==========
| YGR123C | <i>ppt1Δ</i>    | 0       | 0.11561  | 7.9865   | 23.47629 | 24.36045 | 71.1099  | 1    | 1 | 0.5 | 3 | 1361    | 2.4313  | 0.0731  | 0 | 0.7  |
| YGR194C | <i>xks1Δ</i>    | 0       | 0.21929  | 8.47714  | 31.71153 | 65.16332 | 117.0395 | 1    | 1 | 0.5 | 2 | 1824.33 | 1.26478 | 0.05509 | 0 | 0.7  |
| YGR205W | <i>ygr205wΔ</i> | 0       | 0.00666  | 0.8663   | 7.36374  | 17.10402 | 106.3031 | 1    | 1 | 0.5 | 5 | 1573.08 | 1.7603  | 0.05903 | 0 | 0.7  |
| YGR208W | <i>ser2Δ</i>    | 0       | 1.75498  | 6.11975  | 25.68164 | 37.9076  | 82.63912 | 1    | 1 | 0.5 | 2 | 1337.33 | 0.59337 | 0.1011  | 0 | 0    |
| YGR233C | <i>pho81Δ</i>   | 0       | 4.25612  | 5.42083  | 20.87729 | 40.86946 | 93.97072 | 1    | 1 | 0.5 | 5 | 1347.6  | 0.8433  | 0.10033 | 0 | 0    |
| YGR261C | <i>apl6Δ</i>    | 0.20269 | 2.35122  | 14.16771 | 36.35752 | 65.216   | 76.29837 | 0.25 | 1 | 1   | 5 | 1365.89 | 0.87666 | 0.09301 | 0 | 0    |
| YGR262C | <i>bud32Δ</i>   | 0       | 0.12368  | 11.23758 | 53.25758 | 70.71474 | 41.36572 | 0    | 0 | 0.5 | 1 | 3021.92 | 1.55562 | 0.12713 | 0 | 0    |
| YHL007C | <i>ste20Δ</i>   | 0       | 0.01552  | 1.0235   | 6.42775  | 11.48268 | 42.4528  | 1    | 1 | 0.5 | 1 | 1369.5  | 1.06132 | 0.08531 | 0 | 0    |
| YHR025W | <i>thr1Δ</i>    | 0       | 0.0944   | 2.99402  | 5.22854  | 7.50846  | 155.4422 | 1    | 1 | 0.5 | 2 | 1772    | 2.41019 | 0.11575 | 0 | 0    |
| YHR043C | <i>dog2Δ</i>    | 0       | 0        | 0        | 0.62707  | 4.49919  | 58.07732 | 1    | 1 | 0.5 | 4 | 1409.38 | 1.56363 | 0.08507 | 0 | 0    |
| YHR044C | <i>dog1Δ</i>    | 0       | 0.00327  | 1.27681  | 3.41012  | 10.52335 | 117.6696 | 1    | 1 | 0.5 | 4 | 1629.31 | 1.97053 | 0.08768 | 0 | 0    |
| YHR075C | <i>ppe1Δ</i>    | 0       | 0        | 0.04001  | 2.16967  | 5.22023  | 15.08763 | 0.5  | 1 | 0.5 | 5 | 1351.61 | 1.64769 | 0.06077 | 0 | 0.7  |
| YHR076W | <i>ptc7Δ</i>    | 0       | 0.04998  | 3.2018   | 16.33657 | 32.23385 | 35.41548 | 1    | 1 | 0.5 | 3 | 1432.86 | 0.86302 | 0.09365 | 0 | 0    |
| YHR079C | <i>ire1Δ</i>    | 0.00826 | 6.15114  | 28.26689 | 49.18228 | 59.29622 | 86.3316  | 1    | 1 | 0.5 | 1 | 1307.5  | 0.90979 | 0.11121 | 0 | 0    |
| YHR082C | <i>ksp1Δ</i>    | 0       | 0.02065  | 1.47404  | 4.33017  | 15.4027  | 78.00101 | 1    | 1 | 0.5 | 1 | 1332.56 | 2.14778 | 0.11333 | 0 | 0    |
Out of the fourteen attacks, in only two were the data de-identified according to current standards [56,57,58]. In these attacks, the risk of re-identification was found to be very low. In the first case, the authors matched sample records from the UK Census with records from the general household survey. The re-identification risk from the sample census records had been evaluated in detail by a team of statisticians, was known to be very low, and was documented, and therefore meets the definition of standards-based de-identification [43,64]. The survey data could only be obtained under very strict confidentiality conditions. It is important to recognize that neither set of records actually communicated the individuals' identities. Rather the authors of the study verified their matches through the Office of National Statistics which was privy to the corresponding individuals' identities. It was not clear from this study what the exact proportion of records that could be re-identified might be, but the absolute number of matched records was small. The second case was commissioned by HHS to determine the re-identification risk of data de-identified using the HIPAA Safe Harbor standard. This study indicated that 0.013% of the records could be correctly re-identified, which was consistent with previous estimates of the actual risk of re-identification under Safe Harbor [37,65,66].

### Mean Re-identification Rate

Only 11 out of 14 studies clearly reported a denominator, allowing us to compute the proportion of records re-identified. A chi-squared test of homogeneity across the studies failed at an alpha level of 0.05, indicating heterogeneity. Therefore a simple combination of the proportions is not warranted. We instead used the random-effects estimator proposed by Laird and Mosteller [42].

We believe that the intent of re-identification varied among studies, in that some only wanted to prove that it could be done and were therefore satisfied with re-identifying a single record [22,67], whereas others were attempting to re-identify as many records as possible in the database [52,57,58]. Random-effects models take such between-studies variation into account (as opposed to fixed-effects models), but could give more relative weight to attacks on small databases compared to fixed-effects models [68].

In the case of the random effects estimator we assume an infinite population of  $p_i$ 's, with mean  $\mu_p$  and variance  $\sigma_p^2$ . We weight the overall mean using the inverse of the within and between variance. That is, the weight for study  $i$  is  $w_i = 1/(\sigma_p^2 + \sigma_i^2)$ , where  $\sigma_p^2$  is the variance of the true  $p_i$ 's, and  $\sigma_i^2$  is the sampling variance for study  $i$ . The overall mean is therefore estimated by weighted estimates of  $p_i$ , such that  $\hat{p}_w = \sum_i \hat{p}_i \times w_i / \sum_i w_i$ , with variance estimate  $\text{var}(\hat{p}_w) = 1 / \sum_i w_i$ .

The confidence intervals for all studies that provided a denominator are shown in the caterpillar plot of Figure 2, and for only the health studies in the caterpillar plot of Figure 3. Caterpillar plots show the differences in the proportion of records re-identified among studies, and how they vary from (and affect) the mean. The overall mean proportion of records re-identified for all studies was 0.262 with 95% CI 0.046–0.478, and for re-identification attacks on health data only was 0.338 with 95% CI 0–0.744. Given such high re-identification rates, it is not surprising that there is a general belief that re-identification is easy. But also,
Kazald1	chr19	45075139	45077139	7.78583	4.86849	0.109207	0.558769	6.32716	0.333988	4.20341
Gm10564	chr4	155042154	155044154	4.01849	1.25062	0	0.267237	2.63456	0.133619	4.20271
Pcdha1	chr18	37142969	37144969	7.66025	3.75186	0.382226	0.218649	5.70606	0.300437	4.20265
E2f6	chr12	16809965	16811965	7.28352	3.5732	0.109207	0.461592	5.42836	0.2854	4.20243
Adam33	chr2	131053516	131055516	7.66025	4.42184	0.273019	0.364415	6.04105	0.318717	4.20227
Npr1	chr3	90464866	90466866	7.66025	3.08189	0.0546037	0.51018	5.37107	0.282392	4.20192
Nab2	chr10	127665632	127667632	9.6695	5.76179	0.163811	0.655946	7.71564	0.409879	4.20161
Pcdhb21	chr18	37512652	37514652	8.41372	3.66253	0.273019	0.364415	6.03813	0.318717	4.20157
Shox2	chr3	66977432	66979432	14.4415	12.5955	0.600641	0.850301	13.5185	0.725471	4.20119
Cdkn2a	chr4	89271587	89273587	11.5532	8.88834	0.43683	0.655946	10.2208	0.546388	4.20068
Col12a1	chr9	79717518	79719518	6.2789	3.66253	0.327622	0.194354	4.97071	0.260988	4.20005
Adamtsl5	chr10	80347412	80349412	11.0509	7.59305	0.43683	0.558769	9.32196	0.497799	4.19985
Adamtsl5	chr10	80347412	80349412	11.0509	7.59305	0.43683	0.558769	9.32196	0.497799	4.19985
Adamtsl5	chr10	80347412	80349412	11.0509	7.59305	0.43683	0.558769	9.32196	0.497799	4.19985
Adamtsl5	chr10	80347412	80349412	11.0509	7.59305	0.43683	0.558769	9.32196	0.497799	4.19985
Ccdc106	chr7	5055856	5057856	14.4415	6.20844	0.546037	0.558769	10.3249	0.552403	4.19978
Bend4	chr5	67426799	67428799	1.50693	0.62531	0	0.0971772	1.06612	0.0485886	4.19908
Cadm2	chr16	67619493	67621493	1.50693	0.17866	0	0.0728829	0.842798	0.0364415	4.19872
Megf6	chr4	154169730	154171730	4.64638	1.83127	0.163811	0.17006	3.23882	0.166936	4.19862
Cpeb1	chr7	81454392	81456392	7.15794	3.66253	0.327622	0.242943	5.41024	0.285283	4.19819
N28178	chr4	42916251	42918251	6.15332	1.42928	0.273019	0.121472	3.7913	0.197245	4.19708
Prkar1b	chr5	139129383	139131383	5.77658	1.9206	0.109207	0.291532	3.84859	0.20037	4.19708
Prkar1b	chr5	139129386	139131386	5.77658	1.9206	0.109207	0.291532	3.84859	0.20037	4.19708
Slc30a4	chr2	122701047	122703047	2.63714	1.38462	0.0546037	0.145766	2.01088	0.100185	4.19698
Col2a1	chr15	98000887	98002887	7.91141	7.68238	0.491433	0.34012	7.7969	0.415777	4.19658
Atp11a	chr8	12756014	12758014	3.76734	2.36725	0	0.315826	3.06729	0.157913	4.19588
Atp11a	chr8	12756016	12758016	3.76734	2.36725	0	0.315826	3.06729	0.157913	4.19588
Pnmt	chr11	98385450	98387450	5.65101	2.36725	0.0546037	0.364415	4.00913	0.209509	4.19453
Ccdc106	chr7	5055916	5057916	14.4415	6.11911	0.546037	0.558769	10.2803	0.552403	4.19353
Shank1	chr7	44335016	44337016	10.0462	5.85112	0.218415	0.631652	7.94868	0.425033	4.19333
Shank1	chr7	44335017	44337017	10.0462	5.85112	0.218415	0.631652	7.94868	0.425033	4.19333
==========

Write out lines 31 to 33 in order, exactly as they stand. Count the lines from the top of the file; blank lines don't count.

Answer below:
Cdkn2a	chr4	89271587	89273587	11.5532	8.88834	0.43683	0.655946	10.2208	0.546388	4.20068
Col12a1	chr9	79717518	79719518	6.2789	3.66253	0.327622	0.194354	4.97071	0.260988	4.20005
Adamtsl5	chr10	80347412	80349412	11.0509	7.59305	0.43683	0.558769	9.32196	0.497799	4.19985